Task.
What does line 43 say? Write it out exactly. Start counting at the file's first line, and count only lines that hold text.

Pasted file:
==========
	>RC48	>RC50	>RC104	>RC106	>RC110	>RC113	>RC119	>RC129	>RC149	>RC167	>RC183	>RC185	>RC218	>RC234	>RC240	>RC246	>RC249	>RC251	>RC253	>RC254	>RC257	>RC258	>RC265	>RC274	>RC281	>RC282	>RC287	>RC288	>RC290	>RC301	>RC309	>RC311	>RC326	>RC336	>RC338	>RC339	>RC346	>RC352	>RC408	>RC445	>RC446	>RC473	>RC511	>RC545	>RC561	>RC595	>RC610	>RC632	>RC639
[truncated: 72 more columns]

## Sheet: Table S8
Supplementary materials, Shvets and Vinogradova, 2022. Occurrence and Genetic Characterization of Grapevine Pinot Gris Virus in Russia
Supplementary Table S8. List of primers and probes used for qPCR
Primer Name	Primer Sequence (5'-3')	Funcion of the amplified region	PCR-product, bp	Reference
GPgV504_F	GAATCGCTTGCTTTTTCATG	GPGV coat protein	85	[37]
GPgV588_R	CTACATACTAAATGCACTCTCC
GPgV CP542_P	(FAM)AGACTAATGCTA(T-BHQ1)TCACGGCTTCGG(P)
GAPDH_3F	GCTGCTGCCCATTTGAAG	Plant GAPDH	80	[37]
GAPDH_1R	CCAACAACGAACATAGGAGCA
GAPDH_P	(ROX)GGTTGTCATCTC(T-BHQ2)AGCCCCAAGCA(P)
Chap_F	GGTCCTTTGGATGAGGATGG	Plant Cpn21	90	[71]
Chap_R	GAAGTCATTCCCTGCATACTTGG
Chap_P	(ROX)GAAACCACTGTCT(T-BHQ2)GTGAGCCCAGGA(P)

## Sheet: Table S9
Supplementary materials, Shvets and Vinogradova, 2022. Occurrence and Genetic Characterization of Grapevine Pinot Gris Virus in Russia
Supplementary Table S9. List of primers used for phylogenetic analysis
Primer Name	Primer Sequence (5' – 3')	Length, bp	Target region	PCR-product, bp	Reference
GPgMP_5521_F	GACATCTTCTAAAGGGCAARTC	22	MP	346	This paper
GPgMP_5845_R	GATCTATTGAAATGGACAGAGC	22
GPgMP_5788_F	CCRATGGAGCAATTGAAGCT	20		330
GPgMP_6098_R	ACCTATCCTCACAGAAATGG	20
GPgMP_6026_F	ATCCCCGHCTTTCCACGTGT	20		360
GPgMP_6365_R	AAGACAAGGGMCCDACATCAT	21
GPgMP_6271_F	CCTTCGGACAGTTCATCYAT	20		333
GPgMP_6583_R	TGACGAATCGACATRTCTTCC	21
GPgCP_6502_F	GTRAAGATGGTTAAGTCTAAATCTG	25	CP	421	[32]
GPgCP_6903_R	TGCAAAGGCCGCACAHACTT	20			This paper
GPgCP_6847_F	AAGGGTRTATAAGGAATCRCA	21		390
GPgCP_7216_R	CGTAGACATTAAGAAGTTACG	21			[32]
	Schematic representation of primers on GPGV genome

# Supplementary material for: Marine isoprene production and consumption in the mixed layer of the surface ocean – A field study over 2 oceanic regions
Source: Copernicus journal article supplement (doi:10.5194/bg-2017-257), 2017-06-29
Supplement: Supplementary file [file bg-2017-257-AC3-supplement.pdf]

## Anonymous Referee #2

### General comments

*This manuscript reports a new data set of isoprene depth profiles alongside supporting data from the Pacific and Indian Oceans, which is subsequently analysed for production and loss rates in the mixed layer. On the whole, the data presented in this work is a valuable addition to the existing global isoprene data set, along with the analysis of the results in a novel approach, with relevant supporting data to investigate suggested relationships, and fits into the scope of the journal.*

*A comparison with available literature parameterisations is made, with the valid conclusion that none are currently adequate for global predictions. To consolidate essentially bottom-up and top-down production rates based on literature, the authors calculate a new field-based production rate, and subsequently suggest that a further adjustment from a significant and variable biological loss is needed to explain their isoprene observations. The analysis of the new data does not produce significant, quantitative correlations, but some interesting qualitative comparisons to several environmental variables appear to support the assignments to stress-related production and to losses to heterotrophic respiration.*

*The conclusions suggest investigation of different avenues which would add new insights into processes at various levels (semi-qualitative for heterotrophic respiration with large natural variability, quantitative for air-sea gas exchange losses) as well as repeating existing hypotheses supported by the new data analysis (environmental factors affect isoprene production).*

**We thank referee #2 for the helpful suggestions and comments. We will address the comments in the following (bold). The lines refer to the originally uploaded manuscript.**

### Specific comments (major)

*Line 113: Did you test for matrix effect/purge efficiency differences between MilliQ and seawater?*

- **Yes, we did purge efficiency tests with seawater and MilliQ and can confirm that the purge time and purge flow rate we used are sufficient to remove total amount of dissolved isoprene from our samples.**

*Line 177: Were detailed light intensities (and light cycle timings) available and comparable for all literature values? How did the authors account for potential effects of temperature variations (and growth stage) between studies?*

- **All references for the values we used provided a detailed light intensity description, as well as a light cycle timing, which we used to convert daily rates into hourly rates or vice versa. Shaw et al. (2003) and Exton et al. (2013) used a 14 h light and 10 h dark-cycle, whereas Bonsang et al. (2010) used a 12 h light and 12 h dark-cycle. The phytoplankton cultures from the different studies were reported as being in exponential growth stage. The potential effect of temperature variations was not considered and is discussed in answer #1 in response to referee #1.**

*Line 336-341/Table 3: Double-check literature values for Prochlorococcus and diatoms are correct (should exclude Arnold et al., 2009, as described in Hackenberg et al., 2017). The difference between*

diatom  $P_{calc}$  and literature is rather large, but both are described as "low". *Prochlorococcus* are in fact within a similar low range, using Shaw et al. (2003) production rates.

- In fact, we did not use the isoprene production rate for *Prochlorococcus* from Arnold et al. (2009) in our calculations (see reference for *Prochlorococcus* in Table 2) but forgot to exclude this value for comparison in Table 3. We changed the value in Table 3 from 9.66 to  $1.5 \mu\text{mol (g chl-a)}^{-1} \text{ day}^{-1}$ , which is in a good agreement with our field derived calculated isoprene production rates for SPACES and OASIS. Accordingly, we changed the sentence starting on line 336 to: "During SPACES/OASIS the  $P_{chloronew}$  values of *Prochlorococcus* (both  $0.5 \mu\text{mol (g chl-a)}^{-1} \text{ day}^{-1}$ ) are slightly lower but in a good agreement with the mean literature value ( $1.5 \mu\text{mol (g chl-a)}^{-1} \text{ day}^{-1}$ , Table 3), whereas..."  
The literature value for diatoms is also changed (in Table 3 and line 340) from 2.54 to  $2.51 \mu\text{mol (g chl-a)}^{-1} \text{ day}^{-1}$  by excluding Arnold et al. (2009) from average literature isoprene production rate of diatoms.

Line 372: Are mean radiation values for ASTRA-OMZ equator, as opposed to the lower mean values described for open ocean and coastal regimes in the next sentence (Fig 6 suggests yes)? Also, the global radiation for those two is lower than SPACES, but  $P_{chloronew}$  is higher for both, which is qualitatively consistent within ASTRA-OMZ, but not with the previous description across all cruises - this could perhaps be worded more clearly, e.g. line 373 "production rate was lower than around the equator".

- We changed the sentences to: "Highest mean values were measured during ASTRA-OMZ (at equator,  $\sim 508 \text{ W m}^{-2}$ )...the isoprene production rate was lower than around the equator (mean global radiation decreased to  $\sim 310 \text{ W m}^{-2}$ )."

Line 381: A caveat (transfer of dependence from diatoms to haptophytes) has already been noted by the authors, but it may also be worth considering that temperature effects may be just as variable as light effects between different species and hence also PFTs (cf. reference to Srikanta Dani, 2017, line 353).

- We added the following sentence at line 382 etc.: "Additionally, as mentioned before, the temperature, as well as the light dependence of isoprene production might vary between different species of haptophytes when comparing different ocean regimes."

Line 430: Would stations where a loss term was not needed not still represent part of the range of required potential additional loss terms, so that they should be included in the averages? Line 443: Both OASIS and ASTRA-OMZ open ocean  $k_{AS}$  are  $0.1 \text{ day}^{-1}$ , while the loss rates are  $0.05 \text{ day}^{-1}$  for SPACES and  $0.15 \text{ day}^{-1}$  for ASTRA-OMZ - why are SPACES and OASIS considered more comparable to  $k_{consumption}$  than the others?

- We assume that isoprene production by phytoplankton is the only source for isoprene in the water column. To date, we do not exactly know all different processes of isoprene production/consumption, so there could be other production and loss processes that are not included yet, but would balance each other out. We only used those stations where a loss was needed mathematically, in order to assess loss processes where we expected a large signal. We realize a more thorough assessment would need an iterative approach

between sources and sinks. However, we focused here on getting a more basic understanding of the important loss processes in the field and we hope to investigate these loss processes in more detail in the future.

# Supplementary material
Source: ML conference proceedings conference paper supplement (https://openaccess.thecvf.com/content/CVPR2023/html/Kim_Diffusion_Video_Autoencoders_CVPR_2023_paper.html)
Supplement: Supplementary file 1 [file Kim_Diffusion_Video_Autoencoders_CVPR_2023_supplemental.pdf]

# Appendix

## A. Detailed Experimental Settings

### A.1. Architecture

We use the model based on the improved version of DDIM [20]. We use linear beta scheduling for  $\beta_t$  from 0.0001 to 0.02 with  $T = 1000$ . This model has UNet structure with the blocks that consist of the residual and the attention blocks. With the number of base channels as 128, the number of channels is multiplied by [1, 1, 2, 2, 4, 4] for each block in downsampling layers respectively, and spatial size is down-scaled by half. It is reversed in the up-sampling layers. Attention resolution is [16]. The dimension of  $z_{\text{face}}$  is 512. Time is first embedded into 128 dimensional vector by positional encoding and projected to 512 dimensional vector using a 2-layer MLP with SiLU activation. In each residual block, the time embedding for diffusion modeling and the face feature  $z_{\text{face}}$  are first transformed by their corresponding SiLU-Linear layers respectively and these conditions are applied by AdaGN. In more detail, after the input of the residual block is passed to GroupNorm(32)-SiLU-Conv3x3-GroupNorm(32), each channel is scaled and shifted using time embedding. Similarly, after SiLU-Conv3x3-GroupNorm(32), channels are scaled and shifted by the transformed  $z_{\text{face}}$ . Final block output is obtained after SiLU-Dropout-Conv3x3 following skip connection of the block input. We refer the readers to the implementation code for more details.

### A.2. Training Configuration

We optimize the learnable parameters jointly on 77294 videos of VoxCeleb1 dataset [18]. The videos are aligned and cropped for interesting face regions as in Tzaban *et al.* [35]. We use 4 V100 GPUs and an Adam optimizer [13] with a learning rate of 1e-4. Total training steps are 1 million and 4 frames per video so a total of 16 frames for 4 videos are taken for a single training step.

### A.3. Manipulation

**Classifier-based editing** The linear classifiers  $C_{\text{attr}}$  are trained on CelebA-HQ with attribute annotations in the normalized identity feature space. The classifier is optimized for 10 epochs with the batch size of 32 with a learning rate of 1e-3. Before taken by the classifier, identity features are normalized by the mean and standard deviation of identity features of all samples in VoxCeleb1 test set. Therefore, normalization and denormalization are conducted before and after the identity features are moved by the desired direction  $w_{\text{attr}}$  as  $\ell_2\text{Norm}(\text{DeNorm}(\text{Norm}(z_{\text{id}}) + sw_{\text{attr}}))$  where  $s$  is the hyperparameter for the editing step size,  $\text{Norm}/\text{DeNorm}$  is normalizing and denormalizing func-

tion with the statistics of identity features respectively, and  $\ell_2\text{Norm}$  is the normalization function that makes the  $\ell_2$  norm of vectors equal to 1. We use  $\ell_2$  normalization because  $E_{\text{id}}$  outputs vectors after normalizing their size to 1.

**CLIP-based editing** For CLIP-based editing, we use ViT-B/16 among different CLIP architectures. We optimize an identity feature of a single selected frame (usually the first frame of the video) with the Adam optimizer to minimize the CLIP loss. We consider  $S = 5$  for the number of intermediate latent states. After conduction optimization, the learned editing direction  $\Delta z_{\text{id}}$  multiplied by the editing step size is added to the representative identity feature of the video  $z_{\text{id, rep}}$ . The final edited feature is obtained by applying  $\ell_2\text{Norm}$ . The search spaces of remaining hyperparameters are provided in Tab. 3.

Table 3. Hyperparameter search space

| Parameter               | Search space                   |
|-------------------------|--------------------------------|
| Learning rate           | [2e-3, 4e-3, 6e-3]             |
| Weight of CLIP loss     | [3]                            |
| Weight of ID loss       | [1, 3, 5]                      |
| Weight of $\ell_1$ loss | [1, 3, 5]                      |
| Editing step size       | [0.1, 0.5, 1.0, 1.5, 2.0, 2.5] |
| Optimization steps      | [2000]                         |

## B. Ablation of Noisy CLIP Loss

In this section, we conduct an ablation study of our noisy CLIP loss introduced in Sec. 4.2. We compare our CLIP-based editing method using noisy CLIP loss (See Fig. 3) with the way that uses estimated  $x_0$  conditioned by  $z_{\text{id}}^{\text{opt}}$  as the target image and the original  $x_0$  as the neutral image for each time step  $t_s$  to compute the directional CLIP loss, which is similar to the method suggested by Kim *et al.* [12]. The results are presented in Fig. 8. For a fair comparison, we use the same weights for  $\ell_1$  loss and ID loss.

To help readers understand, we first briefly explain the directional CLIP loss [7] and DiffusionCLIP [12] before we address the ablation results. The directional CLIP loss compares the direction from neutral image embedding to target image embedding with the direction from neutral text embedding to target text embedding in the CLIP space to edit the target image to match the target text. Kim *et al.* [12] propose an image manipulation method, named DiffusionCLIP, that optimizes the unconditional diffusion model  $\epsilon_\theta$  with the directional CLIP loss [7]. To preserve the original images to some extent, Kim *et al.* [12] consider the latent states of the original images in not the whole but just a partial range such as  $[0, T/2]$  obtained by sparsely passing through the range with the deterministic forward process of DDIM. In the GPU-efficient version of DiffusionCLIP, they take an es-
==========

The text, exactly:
*Line 113: Did you test for matrix effect/purge efficiency differences between MilliQ and seawater?*